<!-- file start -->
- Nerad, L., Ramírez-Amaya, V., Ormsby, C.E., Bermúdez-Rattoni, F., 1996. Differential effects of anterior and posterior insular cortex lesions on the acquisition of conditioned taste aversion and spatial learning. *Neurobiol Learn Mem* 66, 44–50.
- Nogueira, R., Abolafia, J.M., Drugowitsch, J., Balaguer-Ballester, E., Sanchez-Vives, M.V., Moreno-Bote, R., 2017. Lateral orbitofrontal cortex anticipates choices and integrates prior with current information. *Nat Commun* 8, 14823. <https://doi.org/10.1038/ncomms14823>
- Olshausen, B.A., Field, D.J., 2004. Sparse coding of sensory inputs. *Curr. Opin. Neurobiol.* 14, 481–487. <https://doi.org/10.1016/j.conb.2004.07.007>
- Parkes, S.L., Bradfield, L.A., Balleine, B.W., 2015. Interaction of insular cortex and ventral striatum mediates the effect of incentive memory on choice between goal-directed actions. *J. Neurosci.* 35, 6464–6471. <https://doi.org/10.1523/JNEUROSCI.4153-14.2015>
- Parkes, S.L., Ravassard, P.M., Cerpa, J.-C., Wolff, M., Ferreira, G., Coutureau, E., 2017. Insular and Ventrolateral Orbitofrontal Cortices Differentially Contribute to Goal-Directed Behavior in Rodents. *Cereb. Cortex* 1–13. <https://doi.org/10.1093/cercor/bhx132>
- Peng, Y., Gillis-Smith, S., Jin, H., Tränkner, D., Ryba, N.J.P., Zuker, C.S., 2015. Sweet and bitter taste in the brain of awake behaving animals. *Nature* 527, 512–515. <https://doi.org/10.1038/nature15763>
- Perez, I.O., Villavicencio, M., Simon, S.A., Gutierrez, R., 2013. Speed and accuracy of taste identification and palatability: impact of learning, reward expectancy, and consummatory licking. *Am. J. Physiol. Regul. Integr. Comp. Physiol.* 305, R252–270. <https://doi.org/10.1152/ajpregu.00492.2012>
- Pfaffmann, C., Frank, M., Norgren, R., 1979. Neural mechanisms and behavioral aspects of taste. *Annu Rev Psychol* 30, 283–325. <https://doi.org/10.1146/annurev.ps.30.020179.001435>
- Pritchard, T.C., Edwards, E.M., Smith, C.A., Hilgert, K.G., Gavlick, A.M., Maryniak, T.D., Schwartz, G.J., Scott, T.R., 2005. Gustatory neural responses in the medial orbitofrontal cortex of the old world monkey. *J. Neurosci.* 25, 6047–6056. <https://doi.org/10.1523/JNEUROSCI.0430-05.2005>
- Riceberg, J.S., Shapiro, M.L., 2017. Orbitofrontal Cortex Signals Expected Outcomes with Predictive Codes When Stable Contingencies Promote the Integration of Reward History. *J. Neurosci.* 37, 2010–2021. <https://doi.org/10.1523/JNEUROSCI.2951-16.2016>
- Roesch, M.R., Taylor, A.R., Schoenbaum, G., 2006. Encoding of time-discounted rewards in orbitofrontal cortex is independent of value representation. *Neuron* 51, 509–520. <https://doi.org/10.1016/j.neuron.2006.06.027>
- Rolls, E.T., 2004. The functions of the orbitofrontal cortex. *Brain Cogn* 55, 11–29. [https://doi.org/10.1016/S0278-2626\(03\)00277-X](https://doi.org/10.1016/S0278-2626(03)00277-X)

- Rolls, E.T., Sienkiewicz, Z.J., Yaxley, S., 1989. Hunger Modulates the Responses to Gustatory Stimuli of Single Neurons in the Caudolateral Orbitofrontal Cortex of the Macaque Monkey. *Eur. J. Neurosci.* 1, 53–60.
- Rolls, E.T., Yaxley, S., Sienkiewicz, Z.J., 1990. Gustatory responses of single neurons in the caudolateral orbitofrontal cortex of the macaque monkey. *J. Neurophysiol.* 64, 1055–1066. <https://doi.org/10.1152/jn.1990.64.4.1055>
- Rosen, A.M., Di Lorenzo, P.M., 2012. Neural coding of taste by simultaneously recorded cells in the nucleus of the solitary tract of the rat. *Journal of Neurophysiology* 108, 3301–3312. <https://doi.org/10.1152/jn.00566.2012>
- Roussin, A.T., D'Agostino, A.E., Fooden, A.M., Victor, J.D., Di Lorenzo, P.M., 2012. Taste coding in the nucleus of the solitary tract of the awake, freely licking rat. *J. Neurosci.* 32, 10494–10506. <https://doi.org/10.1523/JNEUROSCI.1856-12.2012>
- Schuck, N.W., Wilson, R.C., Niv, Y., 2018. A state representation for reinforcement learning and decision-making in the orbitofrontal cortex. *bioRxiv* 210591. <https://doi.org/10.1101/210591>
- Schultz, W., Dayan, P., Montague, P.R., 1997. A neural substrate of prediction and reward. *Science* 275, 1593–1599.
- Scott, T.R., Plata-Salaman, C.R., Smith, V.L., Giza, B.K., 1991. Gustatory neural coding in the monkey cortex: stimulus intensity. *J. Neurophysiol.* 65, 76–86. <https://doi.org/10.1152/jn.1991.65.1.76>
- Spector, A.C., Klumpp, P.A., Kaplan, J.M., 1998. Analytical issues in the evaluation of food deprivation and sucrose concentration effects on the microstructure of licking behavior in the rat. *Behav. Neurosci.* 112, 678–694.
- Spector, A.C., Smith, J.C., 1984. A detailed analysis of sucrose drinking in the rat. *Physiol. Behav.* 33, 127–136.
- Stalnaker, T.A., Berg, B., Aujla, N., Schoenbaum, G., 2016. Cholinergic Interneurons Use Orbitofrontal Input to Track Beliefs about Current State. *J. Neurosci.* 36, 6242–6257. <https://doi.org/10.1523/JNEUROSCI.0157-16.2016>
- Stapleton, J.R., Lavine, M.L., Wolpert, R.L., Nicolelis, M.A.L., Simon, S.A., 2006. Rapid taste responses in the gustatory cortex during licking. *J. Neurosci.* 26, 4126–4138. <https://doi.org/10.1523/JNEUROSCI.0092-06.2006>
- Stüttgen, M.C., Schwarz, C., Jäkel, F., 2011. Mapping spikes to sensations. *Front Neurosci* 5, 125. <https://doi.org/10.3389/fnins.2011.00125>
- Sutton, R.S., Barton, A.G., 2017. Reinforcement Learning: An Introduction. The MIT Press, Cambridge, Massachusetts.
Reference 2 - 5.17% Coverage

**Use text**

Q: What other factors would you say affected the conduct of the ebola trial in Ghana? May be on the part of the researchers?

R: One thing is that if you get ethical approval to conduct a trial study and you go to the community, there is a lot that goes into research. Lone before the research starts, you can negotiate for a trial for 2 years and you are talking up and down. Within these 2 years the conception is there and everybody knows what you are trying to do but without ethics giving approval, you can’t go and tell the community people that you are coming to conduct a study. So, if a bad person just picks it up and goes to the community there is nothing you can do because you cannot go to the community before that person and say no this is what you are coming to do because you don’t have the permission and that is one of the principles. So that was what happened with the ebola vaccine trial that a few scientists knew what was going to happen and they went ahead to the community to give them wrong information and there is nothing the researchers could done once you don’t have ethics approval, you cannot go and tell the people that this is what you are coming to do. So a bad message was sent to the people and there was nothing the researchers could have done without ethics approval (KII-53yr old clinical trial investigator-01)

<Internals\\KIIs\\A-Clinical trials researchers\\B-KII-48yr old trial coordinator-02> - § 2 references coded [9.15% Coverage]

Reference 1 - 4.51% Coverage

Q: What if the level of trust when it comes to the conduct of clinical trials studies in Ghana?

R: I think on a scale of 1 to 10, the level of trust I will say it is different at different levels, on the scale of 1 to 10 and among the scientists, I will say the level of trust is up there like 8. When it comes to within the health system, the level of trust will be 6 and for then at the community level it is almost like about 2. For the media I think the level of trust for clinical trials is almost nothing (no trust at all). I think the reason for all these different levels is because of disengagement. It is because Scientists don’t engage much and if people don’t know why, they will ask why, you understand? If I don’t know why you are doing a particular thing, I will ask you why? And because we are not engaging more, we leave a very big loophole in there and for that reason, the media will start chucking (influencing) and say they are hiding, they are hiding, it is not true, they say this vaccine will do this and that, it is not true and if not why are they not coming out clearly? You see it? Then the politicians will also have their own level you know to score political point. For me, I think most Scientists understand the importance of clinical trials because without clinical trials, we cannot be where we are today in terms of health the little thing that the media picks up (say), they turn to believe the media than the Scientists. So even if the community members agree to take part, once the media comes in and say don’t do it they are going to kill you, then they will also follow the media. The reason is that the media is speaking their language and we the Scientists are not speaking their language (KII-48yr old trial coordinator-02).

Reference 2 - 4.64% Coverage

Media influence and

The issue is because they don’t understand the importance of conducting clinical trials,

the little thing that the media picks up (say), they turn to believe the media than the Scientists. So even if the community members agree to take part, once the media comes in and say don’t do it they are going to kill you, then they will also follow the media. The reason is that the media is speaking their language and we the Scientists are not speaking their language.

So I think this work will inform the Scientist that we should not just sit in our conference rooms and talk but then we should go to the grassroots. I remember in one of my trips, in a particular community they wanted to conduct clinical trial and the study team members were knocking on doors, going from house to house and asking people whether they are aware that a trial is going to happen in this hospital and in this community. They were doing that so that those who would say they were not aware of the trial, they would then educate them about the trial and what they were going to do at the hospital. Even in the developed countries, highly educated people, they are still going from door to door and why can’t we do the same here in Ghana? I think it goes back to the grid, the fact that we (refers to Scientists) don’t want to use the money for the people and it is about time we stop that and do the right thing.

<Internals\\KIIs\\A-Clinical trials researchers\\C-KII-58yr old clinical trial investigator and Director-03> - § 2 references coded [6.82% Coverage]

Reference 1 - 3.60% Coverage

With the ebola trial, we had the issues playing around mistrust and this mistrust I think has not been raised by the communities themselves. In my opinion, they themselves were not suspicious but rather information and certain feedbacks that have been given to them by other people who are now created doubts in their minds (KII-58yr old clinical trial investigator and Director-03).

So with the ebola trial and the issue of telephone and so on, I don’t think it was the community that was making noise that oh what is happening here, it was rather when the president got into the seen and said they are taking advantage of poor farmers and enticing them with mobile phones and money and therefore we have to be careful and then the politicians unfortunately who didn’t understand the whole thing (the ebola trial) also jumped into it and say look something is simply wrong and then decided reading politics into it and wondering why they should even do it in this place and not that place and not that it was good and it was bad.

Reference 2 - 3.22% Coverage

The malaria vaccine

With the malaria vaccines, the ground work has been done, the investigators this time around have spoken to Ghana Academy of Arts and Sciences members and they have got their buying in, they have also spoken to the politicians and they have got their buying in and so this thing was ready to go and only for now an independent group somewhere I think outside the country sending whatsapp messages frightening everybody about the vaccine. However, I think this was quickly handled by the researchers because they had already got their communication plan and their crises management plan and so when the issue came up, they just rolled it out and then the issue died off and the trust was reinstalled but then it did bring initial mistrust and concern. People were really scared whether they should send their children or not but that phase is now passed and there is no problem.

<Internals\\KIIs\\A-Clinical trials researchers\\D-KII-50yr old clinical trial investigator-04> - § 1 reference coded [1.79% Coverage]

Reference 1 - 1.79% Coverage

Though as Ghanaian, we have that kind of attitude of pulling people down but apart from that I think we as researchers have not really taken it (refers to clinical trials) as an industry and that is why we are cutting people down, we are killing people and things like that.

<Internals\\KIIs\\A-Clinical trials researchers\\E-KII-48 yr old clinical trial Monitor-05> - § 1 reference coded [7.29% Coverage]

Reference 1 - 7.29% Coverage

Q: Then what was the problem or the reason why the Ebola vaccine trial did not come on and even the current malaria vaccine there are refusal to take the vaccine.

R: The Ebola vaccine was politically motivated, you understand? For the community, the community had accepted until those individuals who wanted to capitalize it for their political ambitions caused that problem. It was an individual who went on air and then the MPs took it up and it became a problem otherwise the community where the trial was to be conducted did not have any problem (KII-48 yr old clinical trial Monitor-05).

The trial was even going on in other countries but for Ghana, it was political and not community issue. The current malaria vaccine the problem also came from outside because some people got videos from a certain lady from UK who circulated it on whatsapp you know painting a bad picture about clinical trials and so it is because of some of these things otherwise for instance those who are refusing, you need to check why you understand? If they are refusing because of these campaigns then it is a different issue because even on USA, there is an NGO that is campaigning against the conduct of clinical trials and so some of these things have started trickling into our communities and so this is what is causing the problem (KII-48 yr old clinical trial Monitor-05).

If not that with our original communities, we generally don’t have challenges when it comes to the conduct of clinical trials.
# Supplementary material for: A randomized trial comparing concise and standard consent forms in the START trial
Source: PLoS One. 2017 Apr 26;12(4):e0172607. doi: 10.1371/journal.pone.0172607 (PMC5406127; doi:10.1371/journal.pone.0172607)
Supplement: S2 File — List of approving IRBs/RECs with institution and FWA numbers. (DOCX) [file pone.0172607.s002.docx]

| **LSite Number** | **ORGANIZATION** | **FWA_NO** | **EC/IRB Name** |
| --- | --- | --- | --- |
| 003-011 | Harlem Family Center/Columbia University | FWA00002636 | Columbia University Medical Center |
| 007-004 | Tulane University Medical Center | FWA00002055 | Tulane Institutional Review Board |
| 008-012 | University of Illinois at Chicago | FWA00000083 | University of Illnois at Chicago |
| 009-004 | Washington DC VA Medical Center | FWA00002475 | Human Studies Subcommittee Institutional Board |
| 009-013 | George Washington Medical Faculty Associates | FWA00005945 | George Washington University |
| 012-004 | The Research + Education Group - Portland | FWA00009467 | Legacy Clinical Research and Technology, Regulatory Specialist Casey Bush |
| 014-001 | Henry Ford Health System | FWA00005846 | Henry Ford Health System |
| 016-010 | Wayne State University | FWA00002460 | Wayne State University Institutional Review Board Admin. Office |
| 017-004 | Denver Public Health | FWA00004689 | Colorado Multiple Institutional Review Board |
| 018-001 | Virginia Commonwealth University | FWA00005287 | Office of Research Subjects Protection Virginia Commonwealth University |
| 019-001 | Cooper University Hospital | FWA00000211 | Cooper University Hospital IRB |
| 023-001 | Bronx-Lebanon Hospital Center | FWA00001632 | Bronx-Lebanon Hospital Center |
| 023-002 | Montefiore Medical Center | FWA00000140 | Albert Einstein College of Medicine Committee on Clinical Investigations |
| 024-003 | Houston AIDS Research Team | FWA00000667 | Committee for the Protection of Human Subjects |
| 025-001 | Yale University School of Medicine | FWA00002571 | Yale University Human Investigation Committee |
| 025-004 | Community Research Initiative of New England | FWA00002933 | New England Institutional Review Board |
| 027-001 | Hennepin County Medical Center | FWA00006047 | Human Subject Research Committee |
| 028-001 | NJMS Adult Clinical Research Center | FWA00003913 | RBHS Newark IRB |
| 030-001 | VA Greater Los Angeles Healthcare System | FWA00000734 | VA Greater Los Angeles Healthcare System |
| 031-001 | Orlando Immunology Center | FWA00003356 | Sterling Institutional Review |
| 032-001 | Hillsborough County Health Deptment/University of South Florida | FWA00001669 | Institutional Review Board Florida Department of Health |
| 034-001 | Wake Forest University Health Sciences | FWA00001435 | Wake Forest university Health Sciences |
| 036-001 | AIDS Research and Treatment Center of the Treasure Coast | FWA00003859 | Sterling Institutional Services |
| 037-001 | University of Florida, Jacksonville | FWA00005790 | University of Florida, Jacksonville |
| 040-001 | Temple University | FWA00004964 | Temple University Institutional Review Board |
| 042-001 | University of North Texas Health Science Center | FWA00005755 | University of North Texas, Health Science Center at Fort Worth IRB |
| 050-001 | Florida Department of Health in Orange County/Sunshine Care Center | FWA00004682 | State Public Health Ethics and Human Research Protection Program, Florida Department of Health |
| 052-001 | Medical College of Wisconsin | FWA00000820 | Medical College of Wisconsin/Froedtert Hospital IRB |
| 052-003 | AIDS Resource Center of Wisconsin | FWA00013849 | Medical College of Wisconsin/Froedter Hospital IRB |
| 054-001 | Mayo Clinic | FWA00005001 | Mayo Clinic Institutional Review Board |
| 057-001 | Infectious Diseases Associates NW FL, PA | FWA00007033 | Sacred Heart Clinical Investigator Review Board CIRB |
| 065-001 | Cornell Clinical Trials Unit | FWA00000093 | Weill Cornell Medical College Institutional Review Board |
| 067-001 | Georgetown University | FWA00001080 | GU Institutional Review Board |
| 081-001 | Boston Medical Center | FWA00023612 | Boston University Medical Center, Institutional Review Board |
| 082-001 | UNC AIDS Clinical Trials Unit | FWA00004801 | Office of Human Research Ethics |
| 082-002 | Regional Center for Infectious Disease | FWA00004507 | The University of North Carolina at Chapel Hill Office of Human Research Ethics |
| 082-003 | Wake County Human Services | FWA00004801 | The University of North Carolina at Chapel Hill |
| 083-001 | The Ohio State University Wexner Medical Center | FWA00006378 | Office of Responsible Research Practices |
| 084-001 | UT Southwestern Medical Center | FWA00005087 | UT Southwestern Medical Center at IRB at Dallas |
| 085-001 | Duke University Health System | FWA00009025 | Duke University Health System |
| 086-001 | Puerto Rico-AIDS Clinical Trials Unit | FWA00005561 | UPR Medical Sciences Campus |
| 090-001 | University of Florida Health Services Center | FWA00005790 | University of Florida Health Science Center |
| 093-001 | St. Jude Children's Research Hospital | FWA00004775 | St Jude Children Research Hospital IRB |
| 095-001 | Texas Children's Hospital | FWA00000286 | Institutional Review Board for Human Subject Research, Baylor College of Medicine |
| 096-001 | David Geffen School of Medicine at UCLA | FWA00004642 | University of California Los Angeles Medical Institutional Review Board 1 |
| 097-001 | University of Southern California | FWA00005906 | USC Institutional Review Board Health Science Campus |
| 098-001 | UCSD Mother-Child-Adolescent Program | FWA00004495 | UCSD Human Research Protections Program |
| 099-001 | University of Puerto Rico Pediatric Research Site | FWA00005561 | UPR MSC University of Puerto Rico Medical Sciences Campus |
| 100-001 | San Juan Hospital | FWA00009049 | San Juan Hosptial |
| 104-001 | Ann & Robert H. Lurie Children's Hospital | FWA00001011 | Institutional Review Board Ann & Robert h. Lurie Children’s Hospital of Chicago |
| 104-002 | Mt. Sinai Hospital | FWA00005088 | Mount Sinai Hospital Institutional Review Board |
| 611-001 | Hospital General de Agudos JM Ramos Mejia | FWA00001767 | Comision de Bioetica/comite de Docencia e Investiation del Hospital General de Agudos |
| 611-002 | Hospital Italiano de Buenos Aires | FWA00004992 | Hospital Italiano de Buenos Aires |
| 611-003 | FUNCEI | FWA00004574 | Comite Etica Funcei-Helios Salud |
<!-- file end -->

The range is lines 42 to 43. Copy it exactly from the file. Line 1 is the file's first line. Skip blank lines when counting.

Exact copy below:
So with the ebola trial and the issue of telephone and so on, I don’t think it was the community that was making noise that oh what is happening here, it was rather when the president got into the seen and said they are taking advantage of poor farmers and enticing them with mobile phones and money and therefore we have to be careful and then the politicians unfortunately who didn’t understand the whole thing (the ebola trial) also jumped into it and say look something is simply wrong and then decided reading politics into it and wondering why they should even do it in this place and not that place and not that it was good and it was bad.

Reference 2 - 3.22% Coverage